This 1 Growth Stock Could 10x in 10 Years

Here are key reasons why this Canadian growth stock has the potential to multiply your money if you buy it now and hold it for the next 10 years.

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Investing in Canadian growth stocks is one of the best ways to multiply your money fast. However, investors need to be very cautious while picking growth stocks, as their high volatility could significantly increase their risk profile. This is one of the key reasons I always prefer buying high-growth stocks when they’re oversold and undervalued.

In 2022 so far, many such fundamentally strong Canadian growth stocks have seen a big crash due to multiple macroeconomic factors, including high inflation, rapidly rising interest rates, supply chain disruptions, and growing geopolitical tensions. That’s why it could be the right time for investors to consider adding growth stocks to their portfolios before they start recovering.

In this article, I’ll highlight one such growth stock in Canada that I find highly undervalued right now and that has the potential to yield phenomenal returns on investments in the long run.

This Canadian growth stock could 10x in 10 years

The Canadian growth stock I want to find really attractive to buy right now is BlackBerry (TSX:BB). It is a Waterloo-based enterprise software company with a market cap of about $3.9 billion, as its stock trades at $6.67 per share after losing nearly 44% of its value this year so far.

BlackBerry’s primary source of revenue is its global cybersecurity software business, which accounted for nearly 66% of its total revenue in its fiscal year 2022 (ended in February). Nonetheless, I find the future growth prospects of its IoT (Internet of Things) segment even brighter, as its contribution to its overall revenues continues to increase.

What could help this growth stock deliver outstanding returns?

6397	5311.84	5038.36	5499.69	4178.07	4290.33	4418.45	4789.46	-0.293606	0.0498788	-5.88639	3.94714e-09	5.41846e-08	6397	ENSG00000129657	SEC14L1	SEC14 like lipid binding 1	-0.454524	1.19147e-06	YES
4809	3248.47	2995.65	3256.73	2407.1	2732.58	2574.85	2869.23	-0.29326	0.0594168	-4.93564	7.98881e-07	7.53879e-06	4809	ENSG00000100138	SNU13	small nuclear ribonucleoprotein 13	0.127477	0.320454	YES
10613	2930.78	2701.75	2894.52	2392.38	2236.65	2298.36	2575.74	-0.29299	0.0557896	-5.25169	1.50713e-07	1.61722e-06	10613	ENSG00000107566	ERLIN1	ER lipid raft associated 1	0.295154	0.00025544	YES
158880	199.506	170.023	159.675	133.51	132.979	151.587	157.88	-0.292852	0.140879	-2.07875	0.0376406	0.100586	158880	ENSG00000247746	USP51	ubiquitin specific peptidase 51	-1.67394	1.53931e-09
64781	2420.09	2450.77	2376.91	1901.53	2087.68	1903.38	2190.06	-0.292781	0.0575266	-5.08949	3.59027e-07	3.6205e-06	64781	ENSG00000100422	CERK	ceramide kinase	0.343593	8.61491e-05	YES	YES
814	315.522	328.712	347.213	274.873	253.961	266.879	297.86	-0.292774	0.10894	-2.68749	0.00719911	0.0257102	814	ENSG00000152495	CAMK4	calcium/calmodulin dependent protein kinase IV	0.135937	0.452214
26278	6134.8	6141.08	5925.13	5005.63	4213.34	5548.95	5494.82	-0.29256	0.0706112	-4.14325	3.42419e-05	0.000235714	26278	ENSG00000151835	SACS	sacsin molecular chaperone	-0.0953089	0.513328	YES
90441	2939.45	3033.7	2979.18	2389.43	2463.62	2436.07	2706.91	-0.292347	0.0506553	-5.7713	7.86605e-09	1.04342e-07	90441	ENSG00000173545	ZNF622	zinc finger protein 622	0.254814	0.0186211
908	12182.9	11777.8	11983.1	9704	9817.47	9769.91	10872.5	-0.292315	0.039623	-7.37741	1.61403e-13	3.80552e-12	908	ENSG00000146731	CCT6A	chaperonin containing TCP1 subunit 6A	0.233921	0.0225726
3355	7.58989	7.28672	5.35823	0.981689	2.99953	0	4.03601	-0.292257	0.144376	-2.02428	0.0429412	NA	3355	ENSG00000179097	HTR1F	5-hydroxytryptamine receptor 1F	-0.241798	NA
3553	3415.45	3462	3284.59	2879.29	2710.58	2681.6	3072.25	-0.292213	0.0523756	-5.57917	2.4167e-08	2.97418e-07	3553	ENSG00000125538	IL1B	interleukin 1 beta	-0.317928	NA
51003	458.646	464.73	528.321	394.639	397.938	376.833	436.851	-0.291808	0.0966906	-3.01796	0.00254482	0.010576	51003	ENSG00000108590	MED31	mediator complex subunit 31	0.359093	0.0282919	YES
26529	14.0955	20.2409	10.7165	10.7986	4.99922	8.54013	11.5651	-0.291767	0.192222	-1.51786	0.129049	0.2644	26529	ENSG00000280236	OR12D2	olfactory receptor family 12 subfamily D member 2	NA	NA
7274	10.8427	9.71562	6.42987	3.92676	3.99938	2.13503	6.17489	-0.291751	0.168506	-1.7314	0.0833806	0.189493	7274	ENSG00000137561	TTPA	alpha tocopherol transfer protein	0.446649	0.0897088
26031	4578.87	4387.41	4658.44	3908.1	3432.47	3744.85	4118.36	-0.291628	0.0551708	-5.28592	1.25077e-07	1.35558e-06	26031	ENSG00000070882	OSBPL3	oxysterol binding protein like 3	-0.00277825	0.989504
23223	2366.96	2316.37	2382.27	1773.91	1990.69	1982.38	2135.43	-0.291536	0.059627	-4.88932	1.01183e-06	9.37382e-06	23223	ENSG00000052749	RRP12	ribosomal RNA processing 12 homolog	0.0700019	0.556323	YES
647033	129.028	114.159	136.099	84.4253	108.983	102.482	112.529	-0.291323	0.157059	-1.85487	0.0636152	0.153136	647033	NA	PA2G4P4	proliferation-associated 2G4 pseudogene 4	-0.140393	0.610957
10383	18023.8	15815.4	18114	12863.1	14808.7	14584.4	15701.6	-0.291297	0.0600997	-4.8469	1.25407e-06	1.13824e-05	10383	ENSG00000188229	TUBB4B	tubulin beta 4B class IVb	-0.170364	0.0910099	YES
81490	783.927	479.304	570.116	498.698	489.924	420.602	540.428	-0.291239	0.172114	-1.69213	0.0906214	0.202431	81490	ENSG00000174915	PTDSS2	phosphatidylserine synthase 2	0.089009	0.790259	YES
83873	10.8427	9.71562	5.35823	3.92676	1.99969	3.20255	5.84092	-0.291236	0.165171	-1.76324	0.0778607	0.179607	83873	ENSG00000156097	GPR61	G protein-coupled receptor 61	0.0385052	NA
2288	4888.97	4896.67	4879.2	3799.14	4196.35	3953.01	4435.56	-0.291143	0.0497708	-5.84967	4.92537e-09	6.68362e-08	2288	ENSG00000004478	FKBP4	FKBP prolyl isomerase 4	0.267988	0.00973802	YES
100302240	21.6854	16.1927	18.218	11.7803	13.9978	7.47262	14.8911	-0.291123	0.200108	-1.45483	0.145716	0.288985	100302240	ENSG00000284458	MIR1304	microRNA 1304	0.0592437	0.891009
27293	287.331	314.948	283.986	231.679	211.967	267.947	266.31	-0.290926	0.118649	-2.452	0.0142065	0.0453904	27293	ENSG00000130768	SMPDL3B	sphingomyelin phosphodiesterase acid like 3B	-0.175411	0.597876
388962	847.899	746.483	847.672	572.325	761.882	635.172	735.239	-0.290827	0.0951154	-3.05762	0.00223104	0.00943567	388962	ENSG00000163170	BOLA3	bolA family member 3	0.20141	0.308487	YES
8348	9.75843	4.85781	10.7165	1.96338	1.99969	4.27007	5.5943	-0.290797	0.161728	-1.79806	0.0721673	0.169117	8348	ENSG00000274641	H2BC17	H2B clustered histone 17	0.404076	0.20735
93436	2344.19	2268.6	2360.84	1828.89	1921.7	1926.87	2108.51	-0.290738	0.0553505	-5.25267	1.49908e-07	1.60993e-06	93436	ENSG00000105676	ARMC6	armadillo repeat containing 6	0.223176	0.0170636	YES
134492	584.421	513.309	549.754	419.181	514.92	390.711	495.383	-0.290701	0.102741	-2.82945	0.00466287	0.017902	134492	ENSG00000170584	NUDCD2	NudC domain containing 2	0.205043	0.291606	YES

BlackBerry already has a strong presence in the global automotive technology space, with many large automakers using its QNX operating system in their vehicles. Notably, the QNX platform currently powers nearly 215 million vehicles across the world. In recent years, the Canadian tech firm has significantly increased its efforts to build advanced technological solutions for futuristic autonomous and electric vehicles.

For example, BlackBerry started working on an intelligent vehicle data platform called IVY in December 2020 in collaboration with Amazon Web Services. The IVY data platform primarily aims to give automakers real-time access to data from in-vehicle sensors to provide better functionalities and features to their customers. The platform is also capable of applying machine learning to the collected data to give predictive insights and inferences.

As the global auto industry is racing to develop smart mobility solutions for the future, the demand for such data platforms is likely to skyrocket in the coming years. This is one of the key reasons why I expect BlackBerry’s automotive tech solutions and its IoT segment to exponentially accelerate its financial growth in the next five to 10 years. Given that, you could expect BB stock, which has largely remained under pressure in the last few years, to skyrocket in the long run.

Bottom line

As I said earlier, while high-growth stocks like BlackBerry could help you multiply your money fast, you should always try to diversify your portfolio by also adding some safe and defensive dividend stocks to it. That said, you can’t expect defensive and safe dividend stocks to give you the kind of eye-popping returns on investments you can expect from growth stocks.

This article represents the opinion of the writer, who may disagree with the “official” recommendation position of a Motley Fool premium service or advisor. We’re Motley! Questioning an investing thesis — even one of our own — helps us all think critically about investing and make decisions that help us become smarter, happier, and richer, so we sometimes publish articles that may not be in line with recommendations, rankings or other content.

John Mackey, CEO of Whole Foods Market, an Amazon subsidiary, is a member of The Motley Fool’s board of directors. The Motley Fool recommends Amazon. The Motley Fool has a disclosure policy. Fool contributor Jitendra Parashar has no position in any of the stocks mentioned.

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